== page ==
0

Coffee & Skulls

Some days, we do something that has nothing to do with bikes or screen printing. We recently took a day off to do some pickin’ and started it off with some good coffee.

is it boiling hot?http://joesparks.com/radiskull/episodes/e01/playback.htm

Is it boiling hot?  Reminds me of this.

DSC01513

Siphon coffee for 2. At KAPHÉ, SEARCA residence hotel, UPLB

Elsewhere…

Say ah

Say ah

1

Junior Cargo

To infinity and beyond!

To infinity and beyond!

Finally finished the prototype of our Junior Cargo bike, and the kids had a blast with it. It still needs some improvements, but I think we’re off to a great start. Here are more photos of the kids testing it out:

 

kid cargo

kid cargo

Little L gives it a shot. Looks like you need a couple more years, buddy.

Little L gives it a shot. Looks like you need a couple more years, buddy.

Hocus Junior Cargo bike prototype. 16" rear wheel and 12" front wheels.

Hocus Junior Cargo bike prototype. 16″ rear wheel and 12″ front wheels.

0

D-I-Y D-Y-E D-A-Y

Most of you probably know that we don’t have regular store hours, that we are [usually] at the shop on Mondays, Wednesdays, and Fridays. In between those days, we’re either at CraftMNL teaching screen printing, prepping bike parts that will go into a custom build, or working on some R&D (finding new things to make and making them). Below is what we did on one of our R&D days.

We were getting sick of seeing our plain old katcha bags laying around the shop so we printed on some. But even then, they just made our prints look boring. So a few weeks ago, in an attempt to make the bags a little more interesting, we decided to stuff them tote bags into buckets of dye.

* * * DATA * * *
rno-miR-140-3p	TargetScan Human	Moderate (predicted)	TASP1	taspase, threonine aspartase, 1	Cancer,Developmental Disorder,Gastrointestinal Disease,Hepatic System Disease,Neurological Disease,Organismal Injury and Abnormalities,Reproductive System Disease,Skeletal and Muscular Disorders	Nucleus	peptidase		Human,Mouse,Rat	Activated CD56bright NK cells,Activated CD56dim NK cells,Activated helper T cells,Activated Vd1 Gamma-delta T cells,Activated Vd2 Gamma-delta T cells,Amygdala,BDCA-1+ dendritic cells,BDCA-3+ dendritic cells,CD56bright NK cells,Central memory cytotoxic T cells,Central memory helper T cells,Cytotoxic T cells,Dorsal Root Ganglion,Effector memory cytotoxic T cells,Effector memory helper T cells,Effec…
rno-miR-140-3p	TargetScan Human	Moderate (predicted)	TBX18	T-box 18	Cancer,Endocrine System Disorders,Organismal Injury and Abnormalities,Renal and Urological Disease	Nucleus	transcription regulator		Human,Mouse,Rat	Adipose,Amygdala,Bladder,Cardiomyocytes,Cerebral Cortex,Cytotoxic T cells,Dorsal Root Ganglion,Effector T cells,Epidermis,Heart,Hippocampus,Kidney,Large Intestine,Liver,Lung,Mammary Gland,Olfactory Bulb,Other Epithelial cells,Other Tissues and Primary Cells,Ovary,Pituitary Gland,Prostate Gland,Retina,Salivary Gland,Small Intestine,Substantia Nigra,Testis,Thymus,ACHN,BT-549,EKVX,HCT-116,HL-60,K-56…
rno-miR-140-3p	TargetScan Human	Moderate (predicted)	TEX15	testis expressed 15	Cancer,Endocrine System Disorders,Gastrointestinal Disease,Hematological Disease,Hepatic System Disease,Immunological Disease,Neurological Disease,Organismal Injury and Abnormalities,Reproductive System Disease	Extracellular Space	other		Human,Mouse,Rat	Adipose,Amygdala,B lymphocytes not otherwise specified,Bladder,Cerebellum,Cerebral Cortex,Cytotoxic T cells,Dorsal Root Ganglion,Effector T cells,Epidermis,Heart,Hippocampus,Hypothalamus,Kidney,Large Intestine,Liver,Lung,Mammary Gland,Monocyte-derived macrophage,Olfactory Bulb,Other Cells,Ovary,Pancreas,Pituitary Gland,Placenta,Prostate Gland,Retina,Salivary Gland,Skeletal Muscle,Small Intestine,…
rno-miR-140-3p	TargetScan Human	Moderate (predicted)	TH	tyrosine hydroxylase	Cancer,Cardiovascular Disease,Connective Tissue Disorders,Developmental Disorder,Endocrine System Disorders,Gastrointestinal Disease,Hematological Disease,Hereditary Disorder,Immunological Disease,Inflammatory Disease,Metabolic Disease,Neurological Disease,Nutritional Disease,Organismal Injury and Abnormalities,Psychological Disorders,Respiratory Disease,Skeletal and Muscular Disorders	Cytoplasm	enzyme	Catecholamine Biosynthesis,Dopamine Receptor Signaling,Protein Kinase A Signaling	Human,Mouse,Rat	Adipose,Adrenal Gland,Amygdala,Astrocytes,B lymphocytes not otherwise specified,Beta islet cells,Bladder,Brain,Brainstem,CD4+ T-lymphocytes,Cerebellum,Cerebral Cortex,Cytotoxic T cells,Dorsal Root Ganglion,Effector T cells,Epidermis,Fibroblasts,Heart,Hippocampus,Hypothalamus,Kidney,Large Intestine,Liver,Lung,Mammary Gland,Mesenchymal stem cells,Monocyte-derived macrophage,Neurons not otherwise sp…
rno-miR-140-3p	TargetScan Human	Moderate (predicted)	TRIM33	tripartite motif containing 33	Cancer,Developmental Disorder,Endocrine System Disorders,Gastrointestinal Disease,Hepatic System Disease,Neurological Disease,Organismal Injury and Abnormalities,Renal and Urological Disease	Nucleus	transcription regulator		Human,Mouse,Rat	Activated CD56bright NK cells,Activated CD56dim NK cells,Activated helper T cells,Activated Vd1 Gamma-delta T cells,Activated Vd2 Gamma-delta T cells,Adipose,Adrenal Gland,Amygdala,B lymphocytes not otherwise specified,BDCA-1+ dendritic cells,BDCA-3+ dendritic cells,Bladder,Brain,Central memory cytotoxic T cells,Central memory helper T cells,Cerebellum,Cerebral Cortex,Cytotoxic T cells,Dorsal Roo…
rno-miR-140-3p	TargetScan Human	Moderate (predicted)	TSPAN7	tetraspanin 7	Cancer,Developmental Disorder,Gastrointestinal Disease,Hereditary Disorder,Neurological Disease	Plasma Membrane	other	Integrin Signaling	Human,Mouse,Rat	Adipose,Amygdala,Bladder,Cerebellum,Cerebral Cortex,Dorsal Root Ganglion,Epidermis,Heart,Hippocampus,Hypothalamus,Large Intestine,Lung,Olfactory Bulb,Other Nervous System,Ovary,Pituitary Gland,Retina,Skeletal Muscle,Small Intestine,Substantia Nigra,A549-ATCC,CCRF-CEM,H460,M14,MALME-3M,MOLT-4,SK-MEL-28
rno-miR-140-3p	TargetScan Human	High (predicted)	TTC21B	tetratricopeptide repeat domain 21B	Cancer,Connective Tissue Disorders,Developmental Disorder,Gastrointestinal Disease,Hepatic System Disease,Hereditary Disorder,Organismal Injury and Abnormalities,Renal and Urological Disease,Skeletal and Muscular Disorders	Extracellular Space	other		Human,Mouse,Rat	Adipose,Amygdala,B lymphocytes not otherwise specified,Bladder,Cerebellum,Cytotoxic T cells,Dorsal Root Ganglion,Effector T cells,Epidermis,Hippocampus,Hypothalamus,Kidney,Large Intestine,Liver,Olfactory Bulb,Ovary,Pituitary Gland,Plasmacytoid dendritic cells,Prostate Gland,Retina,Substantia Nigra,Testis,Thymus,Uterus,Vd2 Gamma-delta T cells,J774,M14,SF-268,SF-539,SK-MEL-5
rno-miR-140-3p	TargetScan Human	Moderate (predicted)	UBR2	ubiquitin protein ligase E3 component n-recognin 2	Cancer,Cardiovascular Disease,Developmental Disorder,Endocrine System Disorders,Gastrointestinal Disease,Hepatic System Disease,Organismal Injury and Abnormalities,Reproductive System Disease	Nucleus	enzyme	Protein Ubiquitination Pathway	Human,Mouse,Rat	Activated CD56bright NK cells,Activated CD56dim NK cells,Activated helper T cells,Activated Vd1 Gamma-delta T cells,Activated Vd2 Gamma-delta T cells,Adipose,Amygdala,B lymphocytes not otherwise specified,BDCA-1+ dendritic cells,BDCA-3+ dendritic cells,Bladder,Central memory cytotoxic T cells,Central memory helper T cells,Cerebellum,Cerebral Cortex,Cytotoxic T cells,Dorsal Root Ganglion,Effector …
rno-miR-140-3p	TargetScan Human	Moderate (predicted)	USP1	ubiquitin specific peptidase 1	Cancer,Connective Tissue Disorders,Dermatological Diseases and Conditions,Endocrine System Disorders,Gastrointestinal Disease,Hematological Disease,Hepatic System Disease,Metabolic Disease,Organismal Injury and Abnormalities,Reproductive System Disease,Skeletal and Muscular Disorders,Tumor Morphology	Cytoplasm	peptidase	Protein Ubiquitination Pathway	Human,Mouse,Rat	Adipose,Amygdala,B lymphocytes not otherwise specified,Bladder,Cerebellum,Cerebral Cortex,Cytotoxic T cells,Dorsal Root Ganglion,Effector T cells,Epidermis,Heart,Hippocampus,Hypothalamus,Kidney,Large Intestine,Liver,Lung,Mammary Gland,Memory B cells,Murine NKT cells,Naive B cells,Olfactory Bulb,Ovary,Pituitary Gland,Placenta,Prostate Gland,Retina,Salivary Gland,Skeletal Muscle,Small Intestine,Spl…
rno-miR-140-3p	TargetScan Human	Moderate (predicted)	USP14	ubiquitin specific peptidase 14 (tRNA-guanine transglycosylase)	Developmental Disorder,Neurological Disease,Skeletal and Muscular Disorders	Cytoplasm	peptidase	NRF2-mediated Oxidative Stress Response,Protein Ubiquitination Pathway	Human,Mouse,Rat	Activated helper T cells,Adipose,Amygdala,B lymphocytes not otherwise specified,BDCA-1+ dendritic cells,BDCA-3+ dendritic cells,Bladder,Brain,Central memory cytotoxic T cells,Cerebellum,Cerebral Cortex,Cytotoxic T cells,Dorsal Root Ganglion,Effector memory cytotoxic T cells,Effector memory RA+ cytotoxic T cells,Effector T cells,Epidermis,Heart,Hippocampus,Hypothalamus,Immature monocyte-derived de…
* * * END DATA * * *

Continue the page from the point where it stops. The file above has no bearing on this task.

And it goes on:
First step. Boil water, add dye and salt.

Keepin’ it real. Gas ain’t cheap and burning stuff is fun.

Mix the bags into the dye and let them sit in there for awhile.

Soaking the bags in dye: black, yellow, blue, brown

Have some snacks.

Keep hydrated when working outside.

Rinse, then dry the bags in the sun.

Sundried.

Finished.

Dried, ironed, ready to print on.

Not as easy at it looks. Took a lot of time to make, but they look much better. The dyes we used aren’t as intense as we thought they’d be. We particularly liked the way the brown and black came out. Now we have figure out what to print on them.

0

HOCUS gets crafty

Last week, our next door neighbors CraftMNL hosted an Etsy Craft Party. There was some taka painting (paper mache horses from Paete), food, beer, and craft show & tell.

Crafters busy painting their paper mache Takas. On the other side, you can see Hocus planning how to paint their taka horses. (Photo from CraftMNL)

The only guy that painted a taka that night, behind the counter.

Behind the Hocus counter, Andrei paints his taka.

With VP Binay in the background. We also found out that the guy behind me in orange is actually part of Binay’s security detail, and he’s got an old chainless/shaft-driven bike he’s restoring. (Photo from CraftMNL)

The Yogi Taka. For my ma.

Drei’s Taka. It’s half Cheetah, half Zebra.

For more updates on craft events and workshops, check out CraftMNL on Facebook/Twitter.

HOCUS also holds screen printing workshops there so keep checking our Facebook page for updates!

1

Work in Progress

Just wanted to share a few things we’ve been working on lately:

%d bloggers like this: